Philosophy, children’s literature and the question of branding

A couple of months ago, my children’s book, [amazon_link id=”1407116525″ target=”_blank” container=”” container_class=”” ]The Snorgh and the Sailor[/amazon_link], was published. It has been one of the most demanding and delightful projects I’ve ever been involved in. Who would have thought that eight hundred words would require quite so much redrafting?

I fell into children’s literature somewhat by mistake, after becoming friends with the illustrator Thomas Docherty. Tom is a wonderful artist, and a lovely man; but when we decided to have a go at working together, I can remember feeling a little apprehensive. Part of the reason was that I was not sure I could write for this age group. Another part of the reason was that I was a writer who spent his time working on philosophy and novels for adults, and I couldn’t really see how writing children’s books fitted in. Read more

Propaganda, Home and Away

This weekend is the Diamond Jubilee weekend here in the UK. What this means is that our head of state, Queen Elizabeth II, has now sat on her throne (we still have thrones in this quaint little nation of ours) for sixty years. And so extra holidays have been proclaimed, people are hanging out flags, and the Queen herself is planning to begin her celebrations of this extended weekend by going to the Epsom Derby—one presumes to take a flutter on the horses.

There are various other kinds of celebrations extending all the way to Tuesday: street parties, beacons being lit across the country, flotillas, concerts… And there is no denying that many people seem very, very happy about the whole affair. Just down the road from us, somebody has gone to the trouble of painting a union jack to cover the entirety of the wall in front of their house. That’s how happy some people are.

Divination and Doubt

For the last seven years or so, I have been up to my ears in one of the strangest books in the world, the Yijing 易經, or Book of Changes. The Yijing  (or, as it is often more popularly known, the I Ching) is, by any measure, one of the oddest books in existence: a bronze-age manual for governing, a divinatory text, one of the foundations of Chinese culture, a book that made Leibniz’s pulse race, and one of the texts most beloved of flaky New-Agers in the West. And because, perhaps, I like to think of myself as more or less sane, I have tended to be a little shy of talking about the Yijing. It is, after all, a book that attracts all kinds of quixotic crackpots and loons, a motley and curious company to find oneself amongst. Read more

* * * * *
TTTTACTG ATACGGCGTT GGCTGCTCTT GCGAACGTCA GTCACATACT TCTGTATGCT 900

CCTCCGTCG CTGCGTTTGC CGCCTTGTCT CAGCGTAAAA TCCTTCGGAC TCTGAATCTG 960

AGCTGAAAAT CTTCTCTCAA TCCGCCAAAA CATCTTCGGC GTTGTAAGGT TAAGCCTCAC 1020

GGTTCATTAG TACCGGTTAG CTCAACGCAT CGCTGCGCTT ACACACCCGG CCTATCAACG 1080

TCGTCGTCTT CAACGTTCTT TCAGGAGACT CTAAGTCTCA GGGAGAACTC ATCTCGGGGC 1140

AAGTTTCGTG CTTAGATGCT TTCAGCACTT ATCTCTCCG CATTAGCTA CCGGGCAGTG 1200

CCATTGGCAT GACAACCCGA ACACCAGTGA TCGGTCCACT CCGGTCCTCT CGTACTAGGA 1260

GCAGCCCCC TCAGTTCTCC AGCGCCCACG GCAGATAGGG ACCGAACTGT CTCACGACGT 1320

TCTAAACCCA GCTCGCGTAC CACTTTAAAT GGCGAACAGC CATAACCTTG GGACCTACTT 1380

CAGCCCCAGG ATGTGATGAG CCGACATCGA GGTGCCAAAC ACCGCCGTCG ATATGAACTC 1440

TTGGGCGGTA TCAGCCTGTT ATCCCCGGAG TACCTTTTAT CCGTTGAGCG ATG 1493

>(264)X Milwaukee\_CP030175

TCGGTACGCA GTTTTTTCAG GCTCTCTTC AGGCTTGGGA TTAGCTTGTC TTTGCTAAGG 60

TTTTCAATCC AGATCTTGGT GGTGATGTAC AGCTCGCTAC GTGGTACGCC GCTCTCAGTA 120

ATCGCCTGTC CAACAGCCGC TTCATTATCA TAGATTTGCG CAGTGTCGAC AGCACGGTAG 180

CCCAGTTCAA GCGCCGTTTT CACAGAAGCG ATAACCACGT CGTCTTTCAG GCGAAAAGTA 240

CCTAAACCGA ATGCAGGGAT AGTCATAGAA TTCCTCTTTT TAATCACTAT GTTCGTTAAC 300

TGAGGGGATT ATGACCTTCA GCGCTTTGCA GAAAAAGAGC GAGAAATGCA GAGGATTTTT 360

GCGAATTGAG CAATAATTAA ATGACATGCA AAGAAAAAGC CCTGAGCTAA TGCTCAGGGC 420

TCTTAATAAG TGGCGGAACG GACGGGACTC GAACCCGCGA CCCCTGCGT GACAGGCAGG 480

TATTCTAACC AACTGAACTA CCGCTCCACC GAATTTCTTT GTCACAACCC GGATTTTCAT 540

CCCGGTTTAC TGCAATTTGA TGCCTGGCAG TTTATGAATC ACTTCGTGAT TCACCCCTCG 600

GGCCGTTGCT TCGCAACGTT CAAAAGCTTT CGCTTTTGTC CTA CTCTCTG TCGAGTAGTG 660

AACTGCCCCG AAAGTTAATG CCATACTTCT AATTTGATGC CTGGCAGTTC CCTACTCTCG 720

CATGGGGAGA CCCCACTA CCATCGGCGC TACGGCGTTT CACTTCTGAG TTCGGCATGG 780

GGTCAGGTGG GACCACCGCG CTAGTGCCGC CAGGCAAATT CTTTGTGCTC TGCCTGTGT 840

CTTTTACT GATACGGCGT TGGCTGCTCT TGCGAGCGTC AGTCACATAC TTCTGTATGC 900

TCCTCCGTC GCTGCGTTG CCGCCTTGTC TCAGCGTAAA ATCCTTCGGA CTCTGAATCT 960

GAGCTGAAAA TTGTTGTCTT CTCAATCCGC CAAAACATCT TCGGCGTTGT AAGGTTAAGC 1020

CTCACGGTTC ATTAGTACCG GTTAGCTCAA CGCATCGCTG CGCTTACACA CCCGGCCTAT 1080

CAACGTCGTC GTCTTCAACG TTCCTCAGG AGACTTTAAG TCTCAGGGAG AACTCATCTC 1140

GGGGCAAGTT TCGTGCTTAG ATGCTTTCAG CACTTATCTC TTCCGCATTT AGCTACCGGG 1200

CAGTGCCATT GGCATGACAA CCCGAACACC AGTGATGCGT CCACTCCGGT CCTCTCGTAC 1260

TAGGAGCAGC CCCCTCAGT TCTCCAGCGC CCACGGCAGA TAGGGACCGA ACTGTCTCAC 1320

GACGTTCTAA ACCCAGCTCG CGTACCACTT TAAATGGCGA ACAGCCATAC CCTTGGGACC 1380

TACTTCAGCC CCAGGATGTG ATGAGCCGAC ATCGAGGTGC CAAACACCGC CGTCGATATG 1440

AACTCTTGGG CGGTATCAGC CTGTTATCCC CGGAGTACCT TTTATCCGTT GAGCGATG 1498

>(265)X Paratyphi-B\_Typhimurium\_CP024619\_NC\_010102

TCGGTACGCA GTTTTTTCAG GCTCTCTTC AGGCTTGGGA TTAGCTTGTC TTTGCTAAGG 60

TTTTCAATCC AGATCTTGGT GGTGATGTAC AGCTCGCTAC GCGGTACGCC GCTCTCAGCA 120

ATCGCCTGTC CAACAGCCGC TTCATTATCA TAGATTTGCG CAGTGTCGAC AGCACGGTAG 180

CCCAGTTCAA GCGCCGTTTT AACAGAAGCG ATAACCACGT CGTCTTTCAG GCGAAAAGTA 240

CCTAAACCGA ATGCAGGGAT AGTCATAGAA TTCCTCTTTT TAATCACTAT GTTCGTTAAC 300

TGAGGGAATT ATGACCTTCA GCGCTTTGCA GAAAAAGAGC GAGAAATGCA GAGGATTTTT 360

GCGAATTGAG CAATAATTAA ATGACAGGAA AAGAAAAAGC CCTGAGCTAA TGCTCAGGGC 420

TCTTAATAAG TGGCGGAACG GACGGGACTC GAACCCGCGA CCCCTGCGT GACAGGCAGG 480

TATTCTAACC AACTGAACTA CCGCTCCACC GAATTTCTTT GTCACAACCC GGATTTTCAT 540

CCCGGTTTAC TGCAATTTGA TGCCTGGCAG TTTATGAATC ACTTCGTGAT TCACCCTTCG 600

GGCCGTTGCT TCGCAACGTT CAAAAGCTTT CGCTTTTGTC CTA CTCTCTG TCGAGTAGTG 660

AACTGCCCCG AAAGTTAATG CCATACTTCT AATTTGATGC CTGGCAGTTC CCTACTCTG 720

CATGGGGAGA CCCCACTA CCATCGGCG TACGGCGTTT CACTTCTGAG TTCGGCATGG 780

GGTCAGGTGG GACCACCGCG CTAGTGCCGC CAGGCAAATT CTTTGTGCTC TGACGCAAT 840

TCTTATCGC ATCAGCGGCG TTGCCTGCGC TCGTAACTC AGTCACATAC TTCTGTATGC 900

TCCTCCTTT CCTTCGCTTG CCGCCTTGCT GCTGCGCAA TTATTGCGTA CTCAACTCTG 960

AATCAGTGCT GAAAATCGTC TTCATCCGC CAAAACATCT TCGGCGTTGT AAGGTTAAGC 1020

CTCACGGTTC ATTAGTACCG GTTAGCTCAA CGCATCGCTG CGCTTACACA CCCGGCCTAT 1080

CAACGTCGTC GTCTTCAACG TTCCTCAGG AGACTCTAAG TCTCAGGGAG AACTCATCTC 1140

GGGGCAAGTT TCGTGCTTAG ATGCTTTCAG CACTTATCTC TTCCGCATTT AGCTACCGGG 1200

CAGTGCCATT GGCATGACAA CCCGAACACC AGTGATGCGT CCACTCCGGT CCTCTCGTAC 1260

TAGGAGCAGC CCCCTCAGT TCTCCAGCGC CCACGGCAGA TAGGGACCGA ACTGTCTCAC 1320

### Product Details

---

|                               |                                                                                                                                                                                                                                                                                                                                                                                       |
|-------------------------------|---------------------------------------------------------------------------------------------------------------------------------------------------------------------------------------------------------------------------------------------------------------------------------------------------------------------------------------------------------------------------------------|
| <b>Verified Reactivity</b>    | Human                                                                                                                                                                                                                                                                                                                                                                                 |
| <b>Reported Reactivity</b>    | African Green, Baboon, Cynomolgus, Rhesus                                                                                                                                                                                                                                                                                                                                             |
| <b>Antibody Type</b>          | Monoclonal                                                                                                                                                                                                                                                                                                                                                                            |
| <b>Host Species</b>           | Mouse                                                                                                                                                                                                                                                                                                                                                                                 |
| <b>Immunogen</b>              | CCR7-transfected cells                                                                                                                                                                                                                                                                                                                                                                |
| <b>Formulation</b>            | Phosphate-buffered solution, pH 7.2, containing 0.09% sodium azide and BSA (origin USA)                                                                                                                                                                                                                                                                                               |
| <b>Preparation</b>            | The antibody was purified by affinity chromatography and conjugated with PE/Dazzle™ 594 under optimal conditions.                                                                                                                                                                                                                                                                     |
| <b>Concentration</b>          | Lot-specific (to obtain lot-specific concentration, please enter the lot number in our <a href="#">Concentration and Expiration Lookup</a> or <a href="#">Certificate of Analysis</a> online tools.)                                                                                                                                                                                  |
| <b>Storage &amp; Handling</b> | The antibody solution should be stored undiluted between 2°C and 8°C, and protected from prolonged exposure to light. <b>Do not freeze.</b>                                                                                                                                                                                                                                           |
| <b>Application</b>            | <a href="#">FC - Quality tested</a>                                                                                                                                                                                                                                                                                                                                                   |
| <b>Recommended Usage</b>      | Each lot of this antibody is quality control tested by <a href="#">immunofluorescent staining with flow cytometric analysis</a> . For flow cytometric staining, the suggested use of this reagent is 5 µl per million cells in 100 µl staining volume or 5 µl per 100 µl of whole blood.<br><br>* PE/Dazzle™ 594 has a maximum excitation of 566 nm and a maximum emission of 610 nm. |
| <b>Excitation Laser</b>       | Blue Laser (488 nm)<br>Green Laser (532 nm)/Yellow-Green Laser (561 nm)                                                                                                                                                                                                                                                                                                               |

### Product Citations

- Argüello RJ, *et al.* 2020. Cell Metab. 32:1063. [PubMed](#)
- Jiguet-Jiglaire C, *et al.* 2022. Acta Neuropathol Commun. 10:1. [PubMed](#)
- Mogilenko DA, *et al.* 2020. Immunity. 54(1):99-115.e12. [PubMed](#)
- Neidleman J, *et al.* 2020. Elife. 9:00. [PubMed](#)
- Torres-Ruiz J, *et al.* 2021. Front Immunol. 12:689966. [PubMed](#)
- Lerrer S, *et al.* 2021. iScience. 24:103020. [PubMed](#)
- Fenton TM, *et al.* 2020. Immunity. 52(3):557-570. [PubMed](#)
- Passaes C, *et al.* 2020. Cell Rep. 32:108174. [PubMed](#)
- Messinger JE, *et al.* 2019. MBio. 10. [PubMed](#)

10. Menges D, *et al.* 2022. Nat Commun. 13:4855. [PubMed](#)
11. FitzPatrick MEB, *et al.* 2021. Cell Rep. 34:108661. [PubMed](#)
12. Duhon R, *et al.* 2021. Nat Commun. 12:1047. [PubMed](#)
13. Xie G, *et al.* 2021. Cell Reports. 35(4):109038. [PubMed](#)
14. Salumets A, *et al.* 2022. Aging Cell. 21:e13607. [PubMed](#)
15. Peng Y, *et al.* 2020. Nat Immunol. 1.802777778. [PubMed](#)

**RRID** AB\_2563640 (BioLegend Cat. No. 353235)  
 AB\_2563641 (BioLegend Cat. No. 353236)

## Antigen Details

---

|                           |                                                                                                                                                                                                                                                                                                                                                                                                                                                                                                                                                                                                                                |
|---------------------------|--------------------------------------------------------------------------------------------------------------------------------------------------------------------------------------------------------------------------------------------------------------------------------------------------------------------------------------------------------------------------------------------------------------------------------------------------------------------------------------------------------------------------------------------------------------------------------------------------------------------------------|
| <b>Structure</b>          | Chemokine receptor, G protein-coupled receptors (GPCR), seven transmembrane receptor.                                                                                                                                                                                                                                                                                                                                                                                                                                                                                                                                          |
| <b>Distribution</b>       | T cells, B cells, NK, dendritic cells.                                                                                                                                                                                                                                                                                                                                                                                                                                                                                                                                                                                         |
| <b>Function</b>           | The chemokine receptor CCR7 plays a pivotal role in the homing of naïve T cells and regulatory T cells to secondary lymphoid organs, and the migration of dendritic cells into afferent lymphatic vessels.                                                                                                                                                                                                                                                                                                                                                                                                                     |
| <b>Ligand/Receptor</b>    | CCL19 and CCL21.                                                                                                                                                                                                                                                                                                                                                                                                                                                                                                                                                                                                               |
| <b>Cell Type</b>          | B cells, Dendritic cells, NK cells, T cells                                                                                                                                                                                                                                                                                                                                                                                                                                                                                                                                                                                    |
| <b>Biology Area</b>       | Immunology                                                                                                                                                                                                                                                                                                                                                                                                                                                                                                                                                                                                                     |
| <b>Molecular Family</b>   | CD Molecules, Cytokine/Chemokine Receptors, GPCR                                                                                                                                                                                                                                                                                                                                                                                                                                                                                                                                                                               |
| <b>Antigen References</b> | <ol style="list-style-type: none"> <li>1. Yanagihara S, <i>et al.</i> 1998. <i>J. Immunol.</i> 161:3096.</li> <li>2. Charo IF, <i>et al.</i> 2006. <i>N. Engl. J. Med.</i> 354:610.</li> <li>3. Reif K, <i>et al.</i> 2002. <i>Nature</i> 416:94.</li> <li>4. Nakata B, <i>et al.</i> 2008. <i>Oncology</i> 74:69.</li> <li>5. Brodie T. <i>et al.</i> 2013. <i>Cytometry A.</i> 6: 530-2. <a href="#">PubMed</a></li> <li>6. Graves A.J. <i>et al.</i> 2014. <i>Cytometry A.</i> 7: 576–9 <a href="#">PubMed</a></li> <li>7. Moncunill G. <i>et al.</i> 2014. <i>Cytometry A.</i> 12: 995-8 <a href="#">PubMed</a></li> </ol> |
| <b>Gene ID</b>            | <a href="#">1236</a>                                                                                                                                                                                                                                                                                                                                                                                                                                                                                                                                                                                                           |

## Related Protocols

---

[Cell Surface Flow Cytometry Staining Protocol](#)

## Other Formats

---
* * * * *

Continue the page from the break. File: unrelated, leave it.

The Thing Is…

When I was casting around for a name for this new blog—naming things is always a tricky business—I eventually settled on ‘The Myriad Things’. I tried out a few other names as well, but ‘The Myriad Things’ was the one that stuck. I toyed with ‘Myriad Things,’ without the definite article; but I thought that it sounded a little too much like an online store. I also thought about ‘All the Myriad Things’, which had nice rhythm to it; but to my ear it sounded a little too much like the title of one of those delicate, nuanced novels in which nothing very much happens. So in the end I settled for ‘The Myriad Things.’ And the more I think about it, the more I think that the name fits. Read more